Education is too important to stay the way it is. David Blake has spent his career innovating in lifelong learning--both corporate training and higher education. He is on a mission to future proof our workforce and companies, help the world speak the language of skills instead of college degrees, and use learning and skills to enable everyone to fulfill their personal missions. He is an sought-after expert on the future of credentials and skills, including being a Sr. Advisor to McKinsey on the topic of the Future of Work and Education and speaking at companies such as Google, Deloitte, and Salesforce and at conferences globally.

David is the co-founder of
The Future of Work Studios (FOWS) and the CEO of Learn In and the CEO of BookClub. The Future of Work Studios incubates and operates the companies that will bridge the skills gap and empower the humans of the future. Learn In helps companies match their employees to the best training programs to develop hard-to-fill job roles and key skills and provide innovative financing options.

BookClub is author-led virtual book clubs. David is the co-founder and continues to serve as the Executive Chairman of Degreed. Millions of individuals and a majority of the world’s largest companies use Degreed’s platform to discover and answer for all of their learning and skills. Clients range from Boeing and NASA JPL, General Mills & Unilever, CITI and Bank of America, VISA and MasterCard, eBay and Airbnb, to Cisco and Intel.

Degreed enables its clients to organize all the skills required for every job, all of the learning resources to develop each skill, and to measure and certify the skills of every employee. Degreed does this in a universal way while giving employees ownership of their skill profiles—enabling a model of lifelong learning where every company in the network has a common language for skills and learning and the employees' record of skills travel with them to their next job. Prior to Degreed, he helped launch a competency-based, accredited university and was a founding team member of university-admissions startup Zinch (acquired by NASDQ: CHGG).

David participated as a EdTech Fellow in a program run by Stanford d.School EdTech Lab, sponsored by Teach For America and NewSchools Venture Fund. He is the co-author of the book, The Expertise Economy: How the smartest companies use learning to engage, compete, and succeed and the co-creator of the Skills Quotient. There isn’t a CEO in the world today who can answer for the skills of their organization. Just as Net Promoter Score (NPS) gave a common framework for customer satisfaction, we have long needed that type of solution for skills. That is what Skills Quotient (SQ) does; it introduces a common, non-proprietary framework that every company can use to measure the skills required against the skills needed, for individuals, teams, and the entire company. It elevates the practice of talent and skills measurement, from the middle of the organization, to the C-Suite, giving every CEO a way to answer for the skills of their organization and a way to track progress with accountability.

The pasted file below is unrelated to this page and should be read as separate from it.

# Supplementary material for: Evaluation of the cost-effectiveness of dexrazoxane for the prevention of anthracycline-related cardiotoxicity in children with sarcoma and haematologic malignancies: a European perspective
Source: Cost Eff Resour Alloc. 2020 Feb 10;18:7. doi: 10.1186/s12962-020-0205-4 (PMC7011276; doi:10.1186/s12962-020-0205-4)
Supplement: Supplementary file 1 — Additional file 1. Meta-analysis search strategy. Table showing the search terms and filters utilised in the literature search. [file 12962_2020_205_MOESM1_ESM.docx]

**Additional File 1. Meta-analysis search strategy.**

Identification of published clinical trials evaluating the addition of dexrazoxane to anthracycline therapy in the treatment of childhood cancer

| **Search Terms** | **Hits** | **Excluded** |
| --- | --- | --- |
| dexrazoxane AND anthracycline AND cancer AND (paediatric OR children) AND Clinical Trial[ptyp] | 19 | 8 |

Executive Chairman, CEO

David Blake

David Blake

Learn In

How would you define the truly agile organization?

Agile = ability to adapt. Thomas Friedman asserts the rate at which technology is scaling outpaced the rate at which humanity can adapt sometime circa ~2007 . That has led to a world in which advantages are compounding; and the gulf to overcome disadvantages is widening. As an organization, that means the stakes are getting ever higher. The constraint to agility is speed of learning. The organization that can out-learn its competitors will accrue compounding advantages. In a world of a growing skills gap, lifelong learning carries an increasing premium; expertise carries an increasing premium; experts carry an increasing premium. So, to be truly agile, get insanely good at learning and creating a culture of learning at scale within your organization.

In the past, learning at any level—university or corporate training programs—looked akin to building a railroad. It was a heavy infrastructure project. You could lay tracks between a few destinations, but you had to choose carefully, and were ultimately, very constrained. The choices were optimized for the masses—what routes would get the most amount of people from some central point to another central destination. Railroads are blind to where your journey actually begins, and where you are actually trying to get.

The future of learning will reflect the present reality of transportation today, with the GPS on our phones, which pinpoints exactly where we are, after which we can identify any destination, and Google Maps will create multiple routes between those points, using any combination of modes of transportation. That is learning agility at scale [ ... ]

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